1. They had everything to lose and nothing to gain, and so their conversion and adhesion to the Church was a great argument in favour of the truth of the gospel. And so it is in any age when notorious opponents are converted.

2. All their learning and prestige were now consecrated to the cause of Christ. Frequently the conversion of one man or woman in an influential position or of great ability is of more value than the conversion of scores of others, because of the higher vantage ground they occupy.

3. These, too, were converted in great numbers. There is nothing unreasonable in this. The power that can convert one can convert multitudes.

4. Their conversion was thorough, "obedient unto the faith."

(J. W. Burn.)

A great company of the priests were obedient to the faith
The Jewish priesthood was of great dignity and influence. The office was hereditary, and its members constituted a national aristocracy. Every priest could trace back his pedigree to Aaron, and no matter to what straits of poverty he might be brought his social position was unchanged. He was exempt from taxation and military service. The number of priests during the period of our Lord's life, Josephus estimated at twenty thousand. For reasons plainly to be seen, the Jewish authorities arrayed themselves in bitter hostility against the Prophet of Nazareth, and the most blood-thirsty of His enemies were God's anointed priests. The political condition of Palestine was then strange and anomalous. David's throne was occupied by a creature of the Emperor of Rome, and foreign soldiers kept the Jewish people in subjection. The Church outrivalled the state in degeneracy. Her priesthood, greedy, dissolute, and infidel, demanded unlawful fees for every temple service, disgraced the religion they professed, by the inhumanity and profligacy of their lives. With such a condition of things, no wonder that the Son of God met with the cruelty that He did: no wonder that even the chief priests were loudest in their clamours that He should die. When the Saviour rose from the dead, His scattered followers forthwith flocked about His standard, and began their great work of the conversion of the world. The first martyr, Stephen, laid down his life for the truth. On the very eve of his ordination to the office of deacon we are told that "the Word of God increased, and a great company of the priests were obedient to the faith." It is no longer merely a company of ignorant fishermen and soft-hearted women who are found to take sides with the crucified Jesus, but the very class of men who could have been least expected to make such a sacrifice. Surely, among all the evidences afforded of the truth of the Christian religion, this is one of wonderful force and significance. Had one or two priests yielded to the overwhelming proofs vouchsafed, that Jesus was the Messiah, it would have been a testimony of no little value; but how the weight of testimony is increased when we read that a great company of those who occupied this high social position abandoned everything, and exposed themselves to opposition, ridicule, contempt, persecution, and death, that they might carry out their convictions of duty, and prove, as no men have ever done more clearly, that the religion of our Lord Jesus Christ is worthy of all acceptation. Once, the contemptuous question had been asked: "Have any of the rulers or of the Pharisees believed on Him?" (John 7:48). And yet, even then, many" among the chief rulers "already believed in Jesus, "but because of the Pharisees they did not confess Him, lest they should be put out of the synagogue" (John 12:42, and John 19:38). The day was at hand when "a great company of the priests" would acknowledge Jesus to be the Saviour of the world. Faith is here put for the Christian religion, and we are assured in this brief statement that they not only embraced the truths of the gospel as an act of the understanding, but that they pledged themselves to obey its requirements. Surely, then, they who, in our own day, claim to be unbelievers, ought to have very substantial ground to go upon before they rush to the conclusion that the multitudes who have embraced the Christian faith, and who have passed into another world, cheered and comforted by its promises, have all believed a lie!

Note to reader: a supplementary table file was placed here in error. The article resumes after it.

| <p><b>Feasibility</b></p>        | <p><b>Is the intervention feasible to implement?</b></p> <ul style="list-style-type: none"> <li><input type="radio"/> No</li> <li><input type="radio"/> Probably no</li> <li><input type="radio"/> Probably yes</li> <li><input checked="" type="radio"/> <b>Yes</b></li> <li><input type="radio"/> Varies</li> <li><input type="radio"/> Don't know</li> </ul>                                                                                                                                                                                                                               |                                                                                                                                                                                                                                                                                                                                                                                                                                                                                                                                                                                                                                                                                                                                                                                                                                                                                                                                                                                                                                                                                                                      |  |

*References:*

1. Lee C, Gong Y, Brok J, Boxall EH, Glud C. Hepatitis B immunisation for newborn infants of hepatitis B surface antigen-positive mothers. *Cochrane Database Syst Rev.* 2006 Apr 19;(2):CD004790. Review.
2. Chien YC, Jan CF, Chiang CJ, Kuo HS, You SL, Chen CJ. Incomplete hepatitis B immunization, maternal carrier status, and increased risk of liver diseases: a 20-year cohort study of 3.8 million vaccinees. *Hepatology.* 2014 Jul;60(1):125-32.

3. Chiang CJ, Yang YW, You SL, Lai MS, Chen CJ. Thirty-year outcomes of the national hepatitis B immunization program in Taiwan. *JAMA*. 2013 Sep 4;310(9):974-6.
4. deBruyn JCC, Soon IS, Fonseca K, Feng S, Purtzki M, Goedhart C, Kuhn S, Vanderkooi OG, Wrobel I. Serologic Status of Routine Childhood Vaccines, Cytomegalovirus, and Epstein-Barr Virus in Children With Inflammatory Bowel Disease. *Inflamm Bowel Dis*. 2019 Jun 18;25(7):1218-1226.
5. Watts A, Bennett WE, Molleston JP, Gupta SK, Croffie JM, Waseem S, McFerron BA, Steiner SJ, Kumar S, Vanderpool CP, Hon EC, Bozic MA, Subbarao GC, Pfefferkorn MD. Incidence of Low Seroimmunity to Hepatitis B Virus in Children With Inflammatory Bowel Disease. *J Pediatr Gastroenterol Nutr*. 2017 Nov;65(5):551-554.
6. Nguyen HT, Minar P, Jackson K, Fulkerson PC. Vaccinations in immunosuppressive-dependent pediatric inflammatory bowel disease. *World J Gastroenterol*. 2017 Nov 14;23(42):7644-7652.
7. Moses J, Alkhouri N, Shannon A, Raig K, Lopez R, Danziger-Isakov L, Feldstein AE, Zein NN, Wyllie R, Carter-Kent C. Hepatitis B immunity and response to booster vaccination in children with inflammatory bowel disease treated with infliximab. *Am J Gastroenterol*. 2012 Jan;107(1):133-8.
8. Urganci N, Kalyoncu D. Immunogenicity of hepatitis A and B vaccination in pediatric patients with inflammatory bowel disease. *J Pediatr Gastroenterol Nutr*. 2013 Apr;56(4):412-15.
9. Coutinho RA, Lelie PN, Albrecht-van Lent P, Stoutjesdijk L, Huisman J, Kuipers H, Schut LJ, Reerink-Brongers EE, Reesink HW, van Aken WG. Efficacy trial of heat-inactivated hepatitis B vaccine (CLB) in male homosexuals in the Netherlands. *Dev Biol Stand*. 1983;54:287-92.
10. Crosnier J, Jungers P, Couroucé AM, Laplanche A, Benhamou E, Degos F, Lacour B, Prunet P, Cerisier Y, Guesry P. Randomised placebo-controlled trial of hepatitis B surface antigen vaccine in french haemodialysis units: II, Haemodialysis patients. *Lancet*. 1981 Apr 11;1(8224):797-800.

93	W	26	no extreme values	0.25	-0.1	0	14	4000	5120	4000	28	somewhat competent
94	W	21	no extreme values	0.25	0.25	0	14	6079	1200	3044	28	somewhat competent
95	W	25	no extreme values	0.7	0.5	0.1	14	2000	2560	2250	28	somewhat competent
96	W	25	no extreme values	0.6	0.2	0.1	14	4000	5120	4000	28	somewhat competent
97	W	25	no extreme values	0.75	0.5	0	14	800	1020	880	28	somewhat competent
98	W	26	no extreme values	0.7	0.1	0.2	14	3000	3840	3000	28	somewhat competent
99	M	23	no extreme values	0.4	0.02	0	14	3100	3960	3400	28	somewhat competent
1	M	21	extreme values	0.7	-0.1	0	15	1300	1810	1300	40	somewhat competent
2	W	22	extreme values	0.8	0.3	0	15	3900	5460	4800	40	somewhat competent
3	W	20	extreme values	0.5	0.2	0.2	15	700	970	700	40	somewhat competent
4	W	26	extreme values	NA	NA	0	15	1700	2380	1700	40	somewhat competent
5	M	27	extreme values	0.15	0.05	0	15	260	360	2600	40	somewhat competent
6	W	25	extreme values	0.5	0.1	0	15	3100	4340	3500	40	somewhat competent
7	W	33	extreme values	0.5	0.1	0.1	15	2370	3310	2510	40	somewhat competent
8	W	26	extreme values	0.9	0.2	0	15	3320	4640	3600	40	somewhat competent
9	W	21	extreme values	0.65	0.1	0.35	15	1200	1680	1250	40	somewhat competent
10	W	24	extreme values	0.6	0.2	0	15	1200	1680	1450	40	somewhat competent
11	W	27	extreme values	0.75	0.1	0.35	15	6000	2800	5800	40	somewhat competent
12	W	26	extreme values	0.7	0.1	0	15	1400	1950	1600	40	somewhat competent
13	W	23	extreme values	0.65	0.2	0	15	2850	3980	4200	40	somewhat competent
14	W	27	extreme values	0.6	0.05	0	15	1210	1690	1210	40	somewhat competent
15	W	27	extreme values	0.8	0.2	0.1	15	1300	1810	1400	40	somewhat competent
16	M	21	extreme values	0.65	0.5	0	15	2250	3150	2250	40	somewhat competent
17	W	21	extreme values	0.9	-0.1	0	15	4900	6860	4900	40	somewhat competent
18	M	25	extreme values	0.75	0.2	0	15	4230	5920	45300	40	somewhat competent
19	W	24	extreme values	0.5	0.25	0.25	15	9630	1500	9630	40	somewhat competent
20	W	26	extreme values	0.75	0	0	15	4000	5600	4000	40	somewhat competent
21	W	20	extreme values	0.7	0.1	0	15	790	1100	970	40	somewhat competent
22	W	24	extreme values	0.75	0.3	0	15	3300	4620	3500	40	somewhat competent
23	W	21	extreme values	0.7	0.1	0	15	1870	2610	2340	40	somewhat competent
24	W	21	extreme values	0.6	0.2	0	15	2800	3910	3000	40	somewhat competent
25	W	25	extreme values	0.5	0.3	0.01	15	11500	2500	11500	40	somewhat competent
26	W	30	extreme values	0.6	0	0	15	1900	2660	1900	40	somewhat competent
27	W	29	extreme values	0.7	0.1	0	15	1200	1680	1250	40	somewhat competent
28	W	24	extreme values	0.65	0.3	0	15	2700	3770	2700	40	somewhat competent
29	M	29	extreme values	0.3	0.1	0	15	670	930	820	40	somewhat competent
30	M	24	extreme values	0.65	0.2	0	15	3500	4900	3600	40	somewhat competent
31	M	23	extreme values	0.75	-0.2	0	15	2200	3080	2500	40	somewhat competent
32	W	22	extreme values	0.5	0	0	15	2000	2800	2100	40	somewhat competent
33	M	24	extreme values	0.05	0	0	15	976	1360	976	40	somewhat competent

(J. N. Norton, D. D.)